Fig. 1. Mean percentage cover of common purslane by year in the vine row in summer and fall weed evaluations. Bars with the same letter are not significantly different (Fisher's protected LSD test, ? = 0.05).


Yield data and quality were analyzed using ANOVA with mean separation by Duncan's multiple range test. Multiple year analyses were performed by utilizing a split-plot design, with weed control as the main plots and cover crops as subplots. Analysis of variance was used to make across-treatment comparisons for the cover of key weeds.


Partial budget analyses were performed using Budget Planner Software for the four growing seasons from 2002 to 2005 for each of nine vineyard floor management practice treatments. Data was collected by main plot and subplot, transformed and reported on a per-acre basis for the timing of each operation, equipment type and use (including fuel, lubrication and repairs), material inputs (herbicides and seed), labor hours (machine and field) and interest on operating capital. Data was entered into Budget Planner, which generated tables estimating annual cash costs per acre for each treatment's operations and inputs. We also calculated the average cost per operation and per year, and annual and cumulative cash costs per acre by treatment.

Weed control

Because the grower had used the same weed control strategy since establishing the vineyard 4 years before our experiment began, the initial weed population was assumed to be uniform across the experimental site. However, over the course of the 5–year trial, the three weed control strategies developed distinct weed communities. In each case, weeds that were less susceptible to that particular weed control strategy increased, most notably common purslane (Portulaca oleracea), horseweed (Conyza canadensis) and yellow nutsedge (Cyperus esculentus).

TABLE 2. Mean percentage cover of three selected weeds in each weed control treatment, summer and fall 2001—2005*

To assess the effectiveness of various vineyard floor management strategies, the authors compared pre- and post-emergence herbicide treatments with cultivation in the rows, and several different cover crops in the middle. The primary weeds in the Monterey County vineyard were yellow nutsedge, horseweed and common purslane.


The cover of common purslane was significantly greater in the cultivation treatment than the post-emergence and pre-emergence treatments (table 2). In the cultivation treatment, this weed increased dramatically during the first 4 years of the trial (fig. 1). Purslane was likely able to produce large amounts of seed since it can set seed in as little as 3 weeks, and the weeds were only cultivated roughly once a month (Haar and Fennimore 2003). During the fourth and fifth years of the trial, increased field labor for hand-weeding was required to bring this weed under control and minimize its potential to compete with grapevines for water and nutrients.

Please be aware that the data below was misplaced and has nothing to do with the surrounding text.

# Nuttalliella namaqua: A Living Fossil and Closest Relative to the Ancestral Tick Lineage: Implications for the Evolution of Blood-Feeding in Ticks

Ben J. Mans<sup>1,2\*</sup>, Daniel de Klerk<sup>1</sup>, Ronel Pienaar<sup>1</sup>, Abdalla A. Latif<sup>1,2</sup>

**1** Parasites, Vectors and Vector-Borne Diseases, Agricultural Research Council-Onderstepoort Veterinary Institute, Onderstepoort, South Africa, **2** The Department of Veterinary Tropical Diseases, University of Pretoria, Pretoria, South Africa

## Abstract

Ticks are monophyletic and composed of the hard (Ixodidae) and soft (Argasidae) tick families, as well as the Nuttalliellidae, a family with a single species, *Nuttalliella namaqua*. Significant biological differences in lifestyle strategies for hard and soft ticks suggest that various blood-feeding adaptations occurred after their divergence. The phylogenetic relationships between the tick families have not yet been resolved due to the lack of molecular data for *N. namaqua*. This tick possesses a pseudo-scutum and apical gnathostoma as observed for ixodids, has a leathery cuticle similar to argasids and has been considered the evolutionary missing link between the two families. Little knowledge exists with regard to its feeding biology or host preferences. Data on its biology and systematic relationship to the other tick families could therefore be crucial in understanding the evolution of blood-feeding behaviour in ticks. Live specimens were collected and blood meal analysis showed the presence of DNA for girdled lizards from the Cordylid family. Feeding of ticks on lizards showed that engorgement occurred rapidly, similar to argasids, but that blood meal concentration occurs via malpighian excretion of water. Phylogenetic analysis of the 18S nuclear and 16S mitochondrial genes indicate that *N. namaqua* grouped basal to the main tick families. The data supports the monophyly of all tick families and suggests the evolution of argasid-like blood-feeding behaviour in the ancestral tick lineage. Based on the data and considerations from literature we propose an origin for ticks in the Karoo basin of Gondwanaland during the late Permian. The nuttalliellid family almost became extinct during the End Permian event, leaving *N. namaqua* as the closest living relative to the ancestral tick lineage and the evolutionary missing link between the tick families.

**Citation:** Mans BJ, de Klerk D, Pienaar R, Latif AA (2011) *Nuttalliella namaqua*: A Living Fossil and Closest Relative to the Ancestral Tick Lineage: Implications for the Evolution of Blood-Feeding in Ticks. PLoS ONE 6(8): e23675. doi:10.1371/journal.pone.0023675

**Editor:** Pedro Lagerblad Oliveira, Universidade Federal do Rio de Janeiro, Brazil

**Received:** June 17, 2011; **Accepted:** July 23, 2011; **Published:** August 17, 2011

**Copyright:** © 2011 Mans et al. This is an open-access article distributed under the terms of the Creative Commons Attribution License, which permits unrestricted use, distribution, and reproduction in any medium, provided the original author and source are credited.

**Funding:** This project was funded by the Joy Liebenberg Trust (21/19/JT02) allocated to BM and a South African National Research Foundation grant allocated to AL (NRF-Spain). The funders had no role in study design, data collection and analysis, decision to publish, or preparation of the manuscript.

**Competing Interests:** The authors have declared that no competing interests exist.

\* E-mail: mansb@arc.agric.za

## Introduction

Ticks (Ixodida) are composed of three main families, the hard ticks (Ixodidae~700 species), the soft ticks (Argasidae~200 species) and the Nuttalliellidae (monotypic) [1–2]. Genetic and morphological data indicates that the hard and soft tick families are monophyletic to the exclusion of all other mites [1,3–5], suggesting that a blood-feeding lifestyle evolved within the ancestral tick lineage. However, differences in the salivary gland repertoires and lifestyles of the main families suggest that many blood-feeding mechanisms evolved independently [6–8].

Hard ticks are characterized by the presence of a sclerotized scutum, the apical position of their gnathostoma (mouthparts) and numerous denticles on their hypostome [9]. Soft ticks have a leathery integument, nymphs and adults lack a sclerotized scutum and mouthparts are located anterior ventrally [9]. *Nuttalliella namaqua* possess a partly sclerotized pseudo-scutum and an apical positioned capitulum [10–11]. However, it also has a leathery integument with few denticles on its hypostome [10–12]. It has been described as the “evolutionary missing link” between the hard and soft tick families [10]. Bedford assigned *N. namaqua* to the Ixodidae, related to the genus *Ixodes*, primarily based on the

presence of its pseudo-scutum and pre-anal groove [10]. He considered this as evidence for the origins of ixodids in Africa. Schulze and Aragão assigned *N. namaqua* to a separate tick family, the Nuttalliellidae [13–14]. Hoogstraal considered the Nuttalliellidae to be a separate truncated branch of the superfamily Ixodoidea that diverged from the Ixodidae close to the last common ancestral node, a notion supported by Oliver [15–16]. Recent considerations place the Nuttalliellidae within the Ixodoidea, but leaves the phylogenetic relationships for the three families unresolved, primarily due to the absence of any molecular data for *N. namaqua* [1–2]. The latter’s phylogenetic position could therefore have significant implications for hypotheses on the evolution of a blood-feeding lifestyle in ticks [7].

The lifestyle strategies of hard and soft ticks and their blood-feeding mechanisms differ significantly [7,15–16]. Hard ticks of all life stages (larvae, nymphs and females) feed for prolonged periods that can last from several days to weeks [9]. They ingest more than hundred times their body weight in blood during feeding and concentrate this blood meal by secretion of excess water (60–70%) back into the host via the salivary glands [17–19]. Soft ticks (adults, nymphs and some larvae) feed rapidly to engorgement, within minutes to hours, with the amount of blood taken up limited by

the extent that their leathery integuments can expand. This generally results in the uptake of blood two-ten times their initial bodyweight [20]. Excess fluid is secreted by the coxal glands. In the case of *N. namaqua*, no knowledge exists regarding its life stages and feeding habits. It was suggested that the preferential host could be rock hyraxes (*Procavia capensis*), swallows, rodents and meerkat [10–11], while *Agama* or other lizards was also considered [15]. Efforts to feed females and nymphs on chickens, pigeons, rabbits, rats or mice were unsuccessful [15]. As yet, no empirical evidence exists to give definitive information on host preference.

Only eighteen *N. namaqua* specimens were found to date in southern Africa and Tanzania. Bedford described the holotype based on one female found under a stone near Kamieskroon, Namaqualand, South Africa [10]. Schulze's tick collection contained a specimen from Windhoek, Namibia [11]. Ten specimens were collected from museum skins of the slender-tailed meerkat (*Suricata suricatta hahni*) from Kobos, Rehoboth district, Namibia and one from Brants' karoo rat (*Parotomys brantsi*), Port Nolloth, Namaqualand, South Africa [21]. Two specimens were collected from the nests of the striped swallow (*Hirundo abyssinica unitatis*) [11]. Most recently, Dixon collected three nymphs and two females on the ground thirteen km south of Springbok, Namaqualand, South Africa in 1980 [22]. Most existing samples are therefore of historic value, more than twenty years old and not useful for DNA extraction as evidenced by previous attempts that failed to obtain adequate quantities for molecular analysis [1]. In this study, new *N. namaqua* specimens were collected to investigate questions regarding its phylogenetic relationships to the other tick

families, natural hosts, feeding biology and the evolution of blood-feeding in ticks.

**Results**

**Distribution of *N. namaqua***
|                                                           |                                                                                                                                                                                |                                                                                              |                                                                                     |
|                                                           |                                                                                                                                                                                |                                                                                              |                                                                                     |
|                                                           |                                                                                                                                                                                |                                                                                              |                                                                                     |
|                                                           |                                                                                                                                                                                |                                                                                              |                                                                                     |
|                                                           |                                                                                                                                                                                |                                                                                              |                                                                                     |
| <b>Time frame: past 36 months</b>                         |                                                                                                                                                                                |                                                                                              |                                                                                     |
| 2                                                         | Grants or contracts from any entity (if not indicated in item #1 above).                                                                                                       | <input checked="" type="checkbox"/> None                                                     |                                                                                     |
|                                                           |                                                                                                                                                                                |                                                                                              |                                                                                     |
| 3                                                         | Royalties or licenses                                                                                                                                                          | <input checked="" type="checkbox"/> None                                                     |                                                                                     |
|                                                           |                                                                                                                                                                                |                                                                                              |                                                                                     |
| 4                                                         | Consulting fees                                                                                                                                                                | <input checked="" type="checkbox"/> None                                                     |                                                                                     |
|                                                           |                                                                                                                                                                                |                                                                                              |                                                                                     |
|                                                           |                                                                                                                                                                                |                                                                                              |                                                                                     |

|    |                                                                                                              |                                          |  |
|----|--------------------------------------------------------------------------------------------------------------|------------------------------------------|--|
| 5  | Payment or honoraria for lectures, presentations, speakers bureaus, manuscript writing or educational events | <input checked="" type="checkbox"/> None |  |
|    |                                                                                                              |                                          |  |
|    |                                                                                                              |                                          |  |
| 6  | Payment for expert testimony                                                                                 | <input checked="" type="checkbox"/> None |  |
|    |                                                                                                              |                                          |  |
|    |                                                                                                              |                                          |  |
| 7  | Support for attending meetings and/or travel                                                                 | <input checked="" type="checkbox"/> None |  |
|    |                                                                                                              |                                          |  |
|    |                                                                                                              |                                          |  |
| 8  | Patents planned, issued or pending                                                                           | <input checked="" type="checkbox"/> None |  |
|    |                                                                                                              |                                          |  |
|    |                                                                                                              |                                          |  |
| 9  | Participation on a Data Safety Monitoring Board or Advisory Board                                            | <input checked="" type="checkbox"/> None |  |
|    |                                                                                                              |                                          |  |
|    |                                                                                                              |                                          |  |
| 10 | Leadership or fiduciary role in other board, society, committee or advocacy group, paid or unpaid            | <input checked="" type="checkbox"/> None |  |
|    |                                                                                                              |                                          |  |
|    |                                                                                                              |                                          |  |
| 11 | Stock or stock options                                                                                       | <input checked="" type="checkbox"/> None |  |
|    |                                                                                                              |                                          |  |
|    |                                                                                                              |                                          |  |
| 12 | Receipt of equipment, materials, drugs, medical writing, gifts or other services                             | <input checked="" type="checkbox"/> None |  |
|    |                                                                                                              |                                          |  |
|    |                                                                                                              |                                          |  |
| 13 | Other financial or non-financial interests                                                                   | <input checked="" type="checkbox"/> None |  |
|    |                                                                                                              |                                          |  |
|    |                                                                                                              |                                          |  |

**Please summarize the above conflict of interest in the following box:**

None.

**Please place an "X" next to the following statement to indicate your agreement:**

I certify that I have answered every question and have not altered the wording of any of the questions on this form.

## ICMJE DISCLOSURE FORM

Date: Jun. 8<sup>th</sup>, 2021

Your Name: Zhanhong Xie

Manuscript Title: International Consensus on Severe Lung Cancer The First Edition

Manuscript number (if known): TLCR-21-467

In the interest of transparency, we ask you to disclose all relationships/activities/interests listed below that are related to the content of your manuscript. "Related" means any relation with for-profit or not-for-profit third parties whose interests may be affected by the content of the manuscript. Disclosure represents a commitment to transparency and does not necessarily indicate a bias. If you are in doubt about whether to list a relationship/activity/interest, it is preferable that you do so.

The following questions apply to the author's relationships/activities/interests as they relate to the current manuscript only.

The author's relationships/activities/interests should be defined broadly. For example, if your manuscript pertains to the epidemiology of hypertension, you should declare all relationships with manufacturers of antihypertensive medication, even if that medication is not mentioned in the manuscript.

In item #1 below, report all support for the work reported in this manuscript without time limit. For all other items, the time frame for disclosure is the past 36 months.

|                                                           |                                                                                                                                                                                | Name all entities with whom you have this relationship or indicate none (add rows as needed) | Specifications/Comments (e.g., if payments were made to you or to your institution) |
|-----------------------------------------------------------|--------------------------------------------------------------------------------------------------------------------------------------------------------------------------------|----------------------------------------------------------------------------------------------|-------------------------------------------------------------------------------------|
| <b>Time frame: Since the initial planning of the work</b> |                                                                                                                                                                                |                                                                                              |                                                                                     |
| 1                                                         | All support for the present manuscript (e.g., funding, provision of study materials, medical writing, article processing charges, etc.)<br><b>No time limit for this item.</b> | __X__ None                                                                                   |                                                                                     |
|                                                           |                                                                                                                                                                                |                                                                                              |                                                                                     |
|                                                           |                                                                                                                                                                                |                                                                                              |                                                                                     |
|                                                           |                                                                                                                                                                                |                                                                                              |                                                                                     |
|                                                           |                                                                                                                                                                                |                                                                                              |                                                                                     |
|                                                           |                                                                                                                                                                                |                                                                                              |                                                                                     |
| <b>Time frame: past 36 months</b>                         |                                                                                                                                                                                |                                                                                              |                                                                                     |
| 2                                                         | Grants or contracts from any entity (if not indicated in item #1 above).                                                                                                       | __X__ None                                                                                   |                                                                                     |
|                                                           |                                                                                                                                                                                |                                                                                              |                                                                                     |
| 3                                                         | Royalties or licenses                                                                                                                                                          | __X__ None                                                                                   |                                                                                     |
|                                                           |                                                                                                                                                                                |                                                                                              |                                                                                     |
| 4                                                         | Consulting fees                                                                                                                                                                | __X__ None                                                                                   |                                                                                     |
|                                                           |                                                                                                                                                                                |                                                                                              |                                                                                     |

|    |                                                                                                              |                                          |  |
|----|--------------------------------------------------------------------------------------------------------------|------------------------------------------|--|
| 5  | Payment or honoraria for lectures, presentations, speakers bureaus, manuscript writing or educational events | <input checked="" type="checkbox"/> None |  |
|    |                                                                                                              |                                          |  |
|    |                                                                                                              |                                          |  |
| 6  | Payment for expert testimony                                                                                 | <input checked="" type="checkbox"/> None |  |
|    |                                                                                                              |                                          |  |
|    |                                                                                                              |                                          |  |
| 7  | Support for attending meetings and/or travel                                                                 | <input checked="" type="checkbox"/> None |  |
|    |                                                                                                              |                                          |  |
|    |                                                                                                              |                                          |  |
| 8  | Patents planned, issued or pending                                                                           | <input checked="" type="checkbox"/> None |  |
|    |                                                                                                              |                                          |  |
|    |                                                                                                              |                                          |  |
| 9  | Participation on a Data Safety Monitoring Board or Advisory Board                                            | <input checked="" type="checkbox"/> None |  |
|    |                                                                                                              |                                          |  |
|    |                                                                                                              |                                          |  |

The overall percentage cover of horseweed was not significantly different in any treatment during the 5 years of this trial (table 2). Both cultivation and pre-emergence applications of simazine and oxyfluorfen provided good control of this weed throughout the trial. However, by the second growing season, horseweed populations had increased in the post-emergence treatment (data not shown) due to inadequate control with glyphosate and oxyfluorfen. To bring this weed under control in the post-emergence treatment, it was necessary to include an application of glufosinate (at 3% v/v) in early summer 2002, and in late spring or early summer in all subsequent years.

Yellow nutsedge.

The most troublesome weed in the pre-emergence treatment was yellow nutsedge, which was not controlled at all by the pre-emergence application of simazine and oxyfluorfen. Additional summer herbicide applications were used to manage this weed, which resulted in higher overall costs when compared to the post-emergence treatments. Because additional herbicide applications were made, the percentage cover of yellow nutsedge over the 5 years of the trial did not significantly differ from the other weed control treatments (table 2).

Crop growth, yield and quality

The weed control treatments that we studied had no effect on vine growth. While cover crop treatments also had no significant effect on vine growth overall, the ‘Trios 102’ triticale treatment significantly reduced pruning weights in 2001 and 2005. Pruning weights are a measurement of seasonal growth. The lowered pruning weights that we found may be due to the fact that the ‘Trios 102’ triticale grows later and so uses more soil water than the rye.